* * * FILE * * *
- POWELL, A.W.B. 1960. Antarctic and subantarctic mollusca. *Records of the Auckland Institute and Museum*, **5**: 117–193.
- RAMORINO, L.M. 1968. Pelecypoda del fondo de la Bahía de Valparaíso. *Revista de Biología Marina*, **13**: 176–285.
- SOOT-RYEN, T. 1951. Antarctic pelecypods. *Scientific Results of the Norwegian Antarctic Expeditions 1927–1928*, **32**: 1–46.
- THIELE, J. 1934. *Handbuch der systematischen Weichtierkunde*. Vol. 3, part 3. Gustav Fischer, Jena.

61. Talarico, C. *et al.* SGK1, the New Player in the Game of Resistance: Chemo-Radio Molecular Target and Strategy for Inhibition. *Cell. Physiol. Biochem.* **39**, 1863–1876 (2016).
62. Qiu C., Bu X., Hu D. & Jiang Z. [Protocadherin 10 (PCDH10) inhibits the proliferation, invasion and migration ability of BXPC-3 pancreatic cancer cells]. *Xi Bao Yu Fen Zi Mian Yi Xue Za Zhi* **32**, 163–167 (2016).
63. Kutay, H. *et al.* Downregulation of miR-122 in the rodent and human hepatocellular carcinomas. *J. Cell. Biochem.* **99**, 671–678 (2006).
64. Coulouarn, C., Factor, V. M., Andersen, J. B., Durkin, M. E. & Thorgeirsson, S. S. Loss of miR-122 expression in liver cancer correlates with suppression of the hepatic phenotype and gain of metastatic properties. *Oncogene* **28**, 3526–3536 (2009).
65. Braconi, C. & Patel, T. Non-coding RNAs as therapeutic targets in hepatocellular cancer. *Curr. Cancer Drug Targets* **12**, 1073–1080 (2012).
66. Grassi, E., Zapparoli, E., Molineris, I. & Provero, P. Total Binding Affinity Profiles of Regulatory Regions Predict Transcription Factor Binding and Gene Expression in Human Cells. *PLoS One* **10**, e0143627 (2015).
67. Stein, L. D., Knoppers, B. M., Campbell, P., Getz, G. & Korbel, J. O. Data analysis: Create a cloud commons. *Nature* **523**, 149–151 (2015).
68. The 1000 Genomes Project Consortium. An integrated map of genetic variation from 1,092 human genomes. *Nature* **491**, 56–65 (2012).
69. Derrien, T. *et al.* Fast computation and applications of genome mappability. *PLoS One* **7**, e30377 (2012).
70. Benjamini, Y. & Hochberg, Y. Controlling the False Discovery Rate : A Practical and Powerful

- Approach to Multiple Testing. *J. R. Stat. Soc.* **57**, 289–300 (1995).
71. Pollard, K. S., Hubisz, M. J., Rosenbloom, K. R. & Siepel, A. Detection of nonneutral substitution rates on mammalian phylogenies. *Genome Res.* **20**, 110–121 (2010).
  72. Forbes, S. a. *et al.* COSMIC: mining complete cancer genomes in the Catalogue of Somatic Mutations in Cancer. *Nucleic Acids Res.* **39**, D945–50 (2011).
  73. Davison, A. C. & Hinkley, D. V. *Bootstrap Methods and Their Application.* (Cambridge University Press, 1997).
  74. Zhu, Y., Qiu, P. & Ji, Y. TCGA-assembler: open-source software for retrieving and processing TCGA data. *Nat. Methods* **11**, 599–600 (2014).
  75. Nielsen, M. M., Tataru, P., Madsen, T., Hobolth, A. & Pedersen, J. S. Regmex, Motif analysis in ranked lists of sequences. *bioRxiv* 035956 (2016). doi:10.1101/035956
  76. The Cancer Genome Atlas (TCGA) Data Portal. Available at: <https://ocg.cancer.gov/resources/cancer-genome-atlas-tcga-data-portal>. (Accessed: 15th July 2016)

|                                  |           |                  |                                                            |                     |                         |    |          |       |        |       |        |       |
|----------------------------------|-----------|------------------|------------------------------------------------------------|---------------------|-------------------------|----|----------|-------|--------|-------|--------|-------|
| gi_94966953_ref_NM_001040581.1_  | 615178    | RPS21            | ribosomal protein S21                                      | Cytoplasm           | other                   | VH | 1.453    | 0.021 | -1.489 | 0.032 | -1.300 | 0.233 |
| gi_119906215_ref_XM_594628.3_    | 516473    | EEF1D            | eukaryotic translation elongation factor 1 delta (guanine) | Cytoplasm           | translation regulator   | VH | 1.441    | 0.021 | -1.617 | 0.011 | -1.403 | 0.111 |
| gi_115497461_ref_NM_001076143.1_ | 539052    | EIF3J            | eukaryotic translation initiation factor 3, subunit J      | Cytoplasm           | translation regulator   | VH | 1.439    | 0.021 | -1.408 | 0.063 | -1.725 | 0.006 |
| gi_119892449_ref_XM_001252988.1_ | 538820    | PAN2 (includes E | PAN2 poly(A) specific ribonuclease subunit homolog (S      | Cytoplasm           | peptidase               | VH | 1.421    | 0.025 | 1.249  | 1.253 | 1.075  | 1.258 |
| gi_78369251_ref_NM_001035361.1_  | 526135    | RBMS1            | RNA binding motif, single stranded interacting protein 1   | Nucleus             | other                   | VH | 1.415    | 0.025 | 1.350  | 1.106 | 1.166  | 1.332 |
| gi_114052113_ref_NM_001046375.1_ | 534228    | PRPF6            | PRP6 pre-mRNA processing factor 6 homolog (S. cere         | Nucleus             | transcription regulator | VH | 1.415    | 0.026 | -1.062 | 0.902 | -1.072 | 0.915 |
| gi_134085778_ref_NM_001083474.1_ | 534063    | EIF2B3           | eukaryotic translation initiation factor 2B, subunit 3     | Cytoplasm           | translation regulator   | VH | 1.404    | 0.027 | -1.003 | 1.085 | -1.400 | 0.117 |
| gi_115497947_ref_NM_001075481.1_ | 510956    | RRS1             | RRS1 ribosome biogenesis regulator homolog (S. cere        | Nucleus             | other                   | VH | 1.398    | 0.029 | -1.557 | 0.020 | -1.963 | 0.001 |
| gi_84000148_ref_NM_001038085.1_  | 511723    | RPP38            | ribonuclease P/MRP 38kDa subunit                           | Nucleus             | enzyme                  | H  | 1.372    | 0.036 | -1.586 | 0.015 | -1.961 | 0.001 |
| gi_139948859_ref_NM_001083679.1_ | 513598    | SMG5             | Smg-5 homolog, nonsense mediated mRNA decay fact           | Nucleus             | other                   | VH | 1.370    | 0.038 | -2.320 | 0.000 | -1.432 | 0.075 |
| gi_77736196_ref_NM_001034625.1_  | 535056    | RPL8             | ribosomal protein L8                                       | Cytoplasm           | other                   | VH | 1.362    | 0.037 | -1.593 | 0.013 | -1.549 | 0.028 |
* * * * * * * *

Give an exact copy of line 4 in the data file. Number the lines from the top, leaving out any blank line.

- THIELE, J. 1934. *Handbuch der systematischen Weichtierkunde*. Vol. 3, part 3. Gustav Fischer, Jena.